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Swiss Trade Balance August 2017: Dynamism of Imports

We do not like Purchasing Power or Real Effective Exchange Rate (REER) as measurement for currencies. For us, the trade balance decides if a currency is overvalued. Only the trade balance can express productivity gains, while the REER assumes constant productivity in comparison to trade partners.

Who has read Michael Pettis, knows that a rising trade surplus may also be caused by a higher savings rate while the trade partners decided to spend more. This is partially true.
Recently Europeans started to increase their savings rate, while Americans reduced it. This has led to a rising trade and current surplus for the Europeans.
But also to a massive Swiss trade surplus with the United States, that lifted Switzerland on the U.S. currency manipulation watch list.

To control the trade balance against this “savings effect”, economists may look at imports. When imports are rising at the same pace as GDP or consumption, then there is no such “savings effect”.

After the record trade surpluses, the Swiss economy may have turned around: consumption and imports are finally rising more than in 2015 and early 2016. In March the trade surplus got bigger again, still shy of the records in 2016.

Swiss National Bank wants to keep non-profitable sectors alive

Swiss exports are moving more and more toward higher value sectors: away from watches, jewelry and manufacturing towards chemicals and pharmaceuticals. With currency interventions, the SNB is trying to keep sectors alive, that would not survive without interventions.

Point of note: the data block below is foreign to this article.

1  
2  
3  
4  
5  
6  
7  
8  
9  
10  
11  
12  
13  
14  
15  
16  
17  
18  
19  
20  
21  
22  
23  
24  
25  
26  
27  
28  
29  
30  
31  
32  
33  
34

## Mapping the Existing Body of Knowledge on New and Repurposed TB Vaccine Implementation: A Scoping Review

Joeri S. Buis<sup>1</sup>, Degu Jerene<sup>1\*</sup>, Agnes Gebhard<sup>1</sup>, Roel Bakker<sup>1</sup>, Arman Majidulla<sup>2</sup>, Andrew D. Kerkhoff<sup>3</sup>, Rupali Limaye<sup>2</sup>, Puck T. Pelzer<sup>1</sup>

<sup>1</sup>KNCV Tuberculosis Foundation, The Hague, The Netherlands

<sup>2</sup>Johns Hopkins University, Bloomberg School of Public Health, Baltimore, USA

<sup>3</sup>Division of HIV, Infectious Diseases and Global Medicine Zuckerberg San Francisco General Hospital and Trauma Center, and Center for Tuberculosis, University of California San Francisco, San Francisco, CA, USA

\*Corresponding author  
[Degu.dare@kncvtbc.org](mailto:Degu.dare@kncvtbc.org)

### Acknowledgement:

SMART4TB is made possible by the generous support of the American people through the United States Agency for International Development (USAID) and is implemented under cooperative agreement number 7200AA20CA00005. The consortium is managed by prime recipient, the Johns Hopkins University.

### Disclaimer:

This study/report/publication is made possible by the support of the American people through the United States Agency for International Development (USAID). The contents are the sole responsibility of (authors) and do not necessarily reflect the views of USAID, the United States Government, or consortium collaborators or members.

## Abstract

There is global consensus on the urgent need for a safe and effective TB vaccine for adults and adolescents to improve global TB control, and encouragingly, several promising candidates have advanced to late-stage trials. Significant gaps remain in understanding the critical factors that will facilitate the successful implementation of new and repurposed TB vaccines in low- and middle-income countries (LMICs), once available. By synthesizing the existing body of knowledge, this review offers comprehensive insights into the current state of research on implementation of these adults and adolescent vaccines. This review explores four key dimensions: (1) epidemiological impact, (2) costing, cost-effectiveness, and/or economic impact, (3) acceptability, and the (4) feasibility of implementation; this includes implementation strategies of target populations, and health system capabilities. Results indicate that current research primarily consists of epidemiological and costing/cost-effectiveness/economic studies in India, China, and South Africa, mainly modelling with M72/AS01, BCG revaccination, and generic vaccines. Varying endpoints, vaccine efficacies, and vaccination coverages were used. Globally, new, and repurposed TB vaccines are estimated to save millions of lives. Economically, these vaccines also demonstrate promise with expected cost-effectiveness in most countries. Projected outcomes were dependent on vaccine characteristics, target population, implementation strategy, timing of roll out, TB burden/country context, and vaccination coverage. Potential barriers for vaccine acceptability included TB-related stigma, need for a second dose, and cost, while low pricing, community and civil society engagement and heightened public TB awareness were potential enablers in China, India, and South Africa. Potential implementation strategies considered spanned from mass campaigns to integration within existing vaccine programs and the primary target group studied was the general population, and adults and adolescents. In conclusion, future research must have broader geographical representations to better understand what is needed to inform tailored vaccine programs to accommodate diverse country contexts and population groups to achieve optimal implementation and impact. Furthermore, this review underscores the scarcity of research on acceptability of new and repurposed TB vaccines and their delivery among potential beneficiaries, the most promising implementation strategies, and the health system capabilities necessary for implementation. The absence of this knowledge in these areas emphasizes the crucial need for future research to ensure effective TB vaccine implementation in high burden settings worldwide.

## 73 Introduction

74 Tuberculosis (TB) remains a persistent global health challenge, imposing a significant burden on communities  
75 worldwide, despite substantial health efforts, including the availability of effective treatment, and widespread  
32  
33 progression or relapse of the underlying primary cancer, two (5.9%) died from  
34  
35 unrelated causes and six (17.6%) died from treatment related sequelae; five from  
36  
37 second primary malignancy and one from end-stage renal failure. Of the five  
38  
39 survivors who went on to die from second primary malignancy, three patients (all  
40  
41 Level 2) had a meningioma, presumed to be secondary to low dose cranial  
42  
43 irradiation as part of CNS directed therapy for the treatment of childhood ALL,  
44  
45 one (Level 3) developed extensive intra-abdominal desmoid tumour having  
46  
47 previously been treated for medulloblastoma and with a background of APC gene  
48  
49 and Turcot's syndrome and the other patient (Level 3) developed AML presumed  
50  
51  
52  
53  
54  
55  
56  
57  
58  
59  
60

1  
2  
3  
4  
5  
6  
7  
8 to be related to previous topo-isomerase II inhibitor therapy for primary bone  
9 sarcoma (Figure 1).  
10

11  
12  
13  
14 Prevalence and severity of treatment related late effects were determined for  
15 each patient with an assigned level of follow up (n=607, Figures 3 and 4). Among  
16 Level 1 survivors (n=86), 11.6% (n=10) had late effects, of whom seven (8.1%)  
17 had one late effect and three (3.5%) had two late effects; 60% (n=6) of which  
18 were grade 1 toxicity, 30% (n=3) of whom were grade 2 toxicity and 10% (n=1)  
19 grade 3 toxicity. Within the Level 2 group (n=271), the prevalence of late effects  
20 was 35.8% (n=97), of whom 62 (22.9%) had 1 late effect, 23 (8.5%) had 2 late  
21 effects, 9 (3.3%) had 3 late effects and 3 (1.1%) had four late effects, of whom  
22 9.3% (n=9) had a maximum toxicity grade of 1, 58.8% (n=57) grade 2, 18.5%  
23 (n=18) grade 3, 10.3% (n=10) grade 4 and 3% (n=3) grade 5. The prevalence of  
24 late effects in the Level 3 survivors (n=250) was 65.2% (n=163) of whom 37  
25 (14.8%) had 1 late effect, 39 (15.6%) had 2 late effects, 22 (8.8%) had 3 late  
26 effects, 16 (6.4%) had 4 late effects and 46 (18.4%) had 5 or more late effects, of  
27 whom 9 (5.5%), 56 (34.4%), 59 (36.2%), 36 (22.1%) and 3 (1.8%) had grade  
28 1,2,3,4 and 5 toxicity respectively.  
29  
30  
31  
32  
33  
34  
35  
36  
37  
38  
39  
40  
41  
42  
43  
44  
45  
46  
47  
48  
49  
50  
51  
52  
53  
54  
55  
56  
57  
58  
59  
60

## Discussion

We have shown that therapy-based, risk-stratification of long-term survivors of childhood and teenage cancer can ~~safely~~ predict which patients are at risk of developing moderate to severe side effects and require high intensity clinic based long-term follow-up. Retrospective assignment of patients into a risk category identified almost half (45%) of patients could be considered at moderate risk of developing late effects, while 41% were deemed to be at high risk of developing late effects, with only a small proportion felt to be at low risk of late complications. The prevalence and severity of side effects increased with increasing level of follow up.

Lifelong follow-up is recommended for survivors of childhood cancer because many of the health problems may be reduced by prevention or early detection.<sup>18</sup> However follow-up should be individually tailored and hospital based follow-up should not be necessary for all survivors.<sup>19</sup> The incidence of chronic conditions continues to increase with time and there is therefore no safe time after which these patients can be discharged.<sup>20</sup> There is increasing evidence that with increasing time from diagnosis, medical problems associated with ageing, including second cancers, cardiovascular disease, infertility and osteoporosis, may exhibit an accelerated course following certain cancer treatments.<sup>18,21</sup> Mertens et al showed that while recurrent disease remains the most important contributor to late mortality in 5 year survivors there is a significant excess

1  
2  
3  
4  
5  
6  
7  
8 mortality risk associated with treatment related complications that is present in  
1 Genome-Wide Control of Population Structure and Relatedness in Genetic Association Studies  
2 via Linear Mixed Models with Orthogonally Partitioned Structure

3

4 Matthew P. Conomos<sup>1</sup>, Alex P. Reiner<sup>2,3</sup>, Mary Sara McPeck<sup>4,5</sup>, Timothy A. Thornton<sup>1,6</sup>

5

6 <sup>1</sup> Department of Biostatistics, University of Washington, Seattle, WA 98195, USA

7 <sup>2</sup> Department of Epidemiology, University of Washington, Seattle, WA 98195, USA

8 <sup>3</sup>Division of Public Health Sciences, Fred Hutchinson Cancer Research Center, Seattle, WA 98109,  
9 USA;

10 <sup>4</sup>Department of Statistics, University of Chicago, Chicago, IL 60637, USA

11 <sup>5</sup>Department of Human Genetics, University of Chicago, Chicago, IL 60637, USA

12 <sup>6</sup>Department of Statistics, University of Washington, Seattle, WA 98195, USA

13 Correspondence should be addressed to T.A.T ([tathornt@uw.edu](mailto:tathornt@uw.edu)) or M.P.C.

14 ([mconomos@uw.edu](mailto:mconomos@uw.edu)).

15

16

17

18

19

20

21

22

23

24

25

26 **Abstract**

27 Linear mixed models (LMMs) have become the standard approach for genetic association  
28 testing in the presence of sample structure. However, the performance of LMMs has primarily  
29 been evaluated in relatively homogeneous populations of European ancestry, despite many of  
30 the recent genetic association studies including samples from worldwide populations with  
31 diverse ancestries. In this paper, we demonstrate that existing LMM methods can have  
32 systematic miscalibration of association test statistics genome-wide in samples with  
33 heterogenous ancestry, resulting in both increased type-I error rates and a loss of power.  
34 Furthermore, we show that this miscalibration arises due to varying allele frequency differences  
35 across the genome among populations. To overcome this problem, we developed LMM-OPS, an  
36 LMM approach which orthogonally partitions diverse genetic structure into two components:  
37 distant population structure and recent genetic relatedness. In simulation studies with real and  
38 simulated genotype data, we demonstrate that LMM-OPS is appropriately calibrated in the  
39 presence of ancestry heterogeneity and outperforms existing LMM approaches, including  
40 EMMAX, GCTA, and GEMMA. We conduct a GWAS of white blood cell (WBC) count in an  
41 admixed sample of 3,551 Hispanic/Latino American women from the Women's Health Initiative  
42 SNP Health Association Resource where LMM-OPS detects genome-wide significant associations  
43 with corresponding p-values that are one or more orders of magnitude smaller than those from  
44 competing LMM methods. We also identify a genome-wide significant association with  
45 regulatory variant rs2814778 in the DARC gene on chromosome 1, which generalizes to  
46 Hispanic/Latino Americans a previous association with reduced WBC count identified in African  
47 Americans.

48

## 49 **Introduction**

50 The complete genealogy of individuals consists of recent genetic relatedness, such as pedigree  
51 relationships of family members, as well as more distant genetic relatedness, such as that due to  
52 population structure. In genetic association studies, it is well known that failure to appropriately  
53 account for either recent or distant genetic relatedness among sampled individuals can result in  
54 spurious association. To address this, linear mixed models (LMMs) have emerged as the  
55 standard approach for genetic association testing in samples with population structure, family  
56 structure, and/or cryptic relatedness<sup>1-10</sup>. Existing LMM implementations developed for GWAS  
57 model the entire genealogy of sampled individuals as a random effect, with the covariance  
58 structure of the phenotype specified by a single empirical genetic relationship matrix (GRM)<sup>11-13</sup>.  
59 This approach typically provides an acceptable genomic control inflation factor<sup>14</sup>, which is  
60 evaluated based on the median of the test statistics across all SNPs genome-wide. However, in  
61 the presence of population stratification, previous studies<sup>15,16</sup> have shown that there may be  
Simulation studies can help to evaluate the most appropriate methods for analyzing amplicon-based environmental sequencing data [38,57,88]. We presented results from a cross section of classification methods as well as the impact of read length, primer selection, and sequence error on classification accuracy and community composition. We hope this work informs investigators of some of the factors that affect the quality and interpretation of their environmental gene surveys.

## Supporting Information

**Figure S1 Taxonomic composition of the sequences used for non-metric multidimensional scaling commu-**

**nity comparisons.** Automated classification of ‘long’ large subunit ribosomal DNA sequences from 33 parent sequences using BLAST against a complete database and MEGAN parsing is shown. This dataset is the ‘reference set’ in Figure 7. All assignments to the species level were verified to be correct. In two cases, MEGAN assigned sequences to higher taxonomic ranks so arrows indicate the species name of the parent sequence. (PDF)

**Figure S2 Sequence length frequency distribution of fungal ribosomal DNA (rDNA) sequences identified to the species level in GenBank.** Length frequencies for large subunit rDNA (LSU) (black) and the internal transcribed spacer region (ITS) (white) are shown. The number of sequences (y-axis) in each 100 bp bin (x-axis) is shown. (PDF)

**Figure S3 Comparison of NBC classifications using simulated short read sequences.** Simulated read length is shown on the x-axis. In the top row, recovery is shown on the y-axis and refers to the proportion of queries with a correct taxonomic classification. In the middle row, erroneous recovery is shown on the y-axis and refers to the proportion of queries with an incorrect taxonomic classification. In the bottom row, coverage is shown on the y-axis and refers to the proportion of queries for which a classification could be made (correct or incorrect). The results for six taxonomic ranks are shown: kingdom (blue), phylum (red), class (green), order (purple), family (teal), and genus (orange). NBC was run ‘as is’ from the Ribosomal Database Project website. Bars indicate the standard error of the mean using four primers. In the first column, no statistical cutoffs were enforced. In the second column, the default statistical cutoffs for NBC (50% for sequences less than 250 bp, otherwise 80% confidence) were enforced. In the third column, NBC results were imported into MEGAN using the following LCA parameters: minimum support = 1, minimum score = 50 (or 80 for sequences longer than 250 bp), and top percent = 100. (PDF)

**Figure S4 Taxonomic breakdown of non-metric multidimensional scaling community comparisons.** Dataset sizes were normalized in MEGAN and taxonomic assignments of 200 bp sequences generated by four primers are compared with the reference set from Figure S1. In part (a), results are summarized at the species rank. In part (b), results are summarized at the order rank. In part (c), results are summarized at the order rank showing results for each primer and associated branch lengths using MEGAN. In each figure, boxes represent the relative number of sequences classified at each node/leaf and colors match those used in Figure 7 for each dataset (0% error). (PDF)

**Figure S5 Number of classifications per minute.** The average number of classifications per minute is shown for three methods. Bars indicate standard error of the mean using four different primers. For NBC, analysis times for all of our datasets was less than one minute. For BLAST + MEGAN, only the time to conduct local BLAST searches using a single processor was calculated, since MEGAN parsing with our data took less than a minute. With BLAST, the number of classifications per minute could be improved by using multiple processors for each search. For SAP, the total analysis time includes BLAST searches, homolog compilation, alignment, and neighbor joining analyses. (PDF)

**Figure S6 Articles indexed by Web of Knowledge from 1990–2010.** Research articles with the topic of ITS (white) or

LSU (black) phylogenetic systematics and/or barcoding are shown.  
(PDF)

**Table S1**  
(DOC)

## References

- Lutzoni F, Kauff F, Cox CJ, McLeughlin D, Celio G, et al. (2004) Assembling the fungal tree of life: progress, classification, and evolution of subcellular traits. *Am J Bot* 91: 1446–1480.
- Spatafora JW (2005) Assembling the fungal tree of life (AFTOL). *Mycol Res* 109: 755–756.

At the same time, importers keep the currency gains of imported goods and return little to the consumer. This tendency is accentuated by the SNB, that makes the franc weaker.

Texts and Charts from the Swiss customs data release (translated from French).

Exports and Imports YoY Development

In August 2017, Swiss foreign trade grew stronger both at entry and exit. With growth of 9.9%, imports were much more dynamic than exports (+ 3.9%). The balance of trade closed with a surplus of 2.2 billion francs.

In short
▲ Almost all sectors have progressed in both directions of traffic
▲ Exports to China
▲ Increase of more than CHF 1.0 billion in imports from Europe
▼ Exports: stagnation of chemicals and pharmaceuticals

Swiss exports and imports, seasonally adjusted (in bn CHF), August 2017

(see more posts on Switzerland Exports, Switzerland Imports, )
Swiss exports and imports, seasonally adjusted (in bn CHF), August 2017

Source: Swiss Customs - Click to enlarge

Overall Evolution

In August 2017, exports adjusted for working days increased by 3.9% (actual: + 6.1%) over one year. Compared to July (seasonally adjusted), they increased by 0.7%, confirming the positive trend recorded so far. Imports jumped 9.9% year on year (real: + 6.5%) and 4.3% on the previous month. The upward trend since the beginning of the year has thus been strengthened.

Switzerland Trade Balance, August 2017

(see more posts on Switzerland Trade Balance, )
Switzerland Trade Balance, Aug 2017

Source: Investing.com - Click to enlarge

Exports

Three-quarters of growth on the MEM industry products account

Exports of all commodity groups increased, with the exception of jewellery (-13%) and chemicals and pharmaceuticals (-0%). The machinery and electronics sector (+233 million francs) alone accounted for two-fifths of exit growth.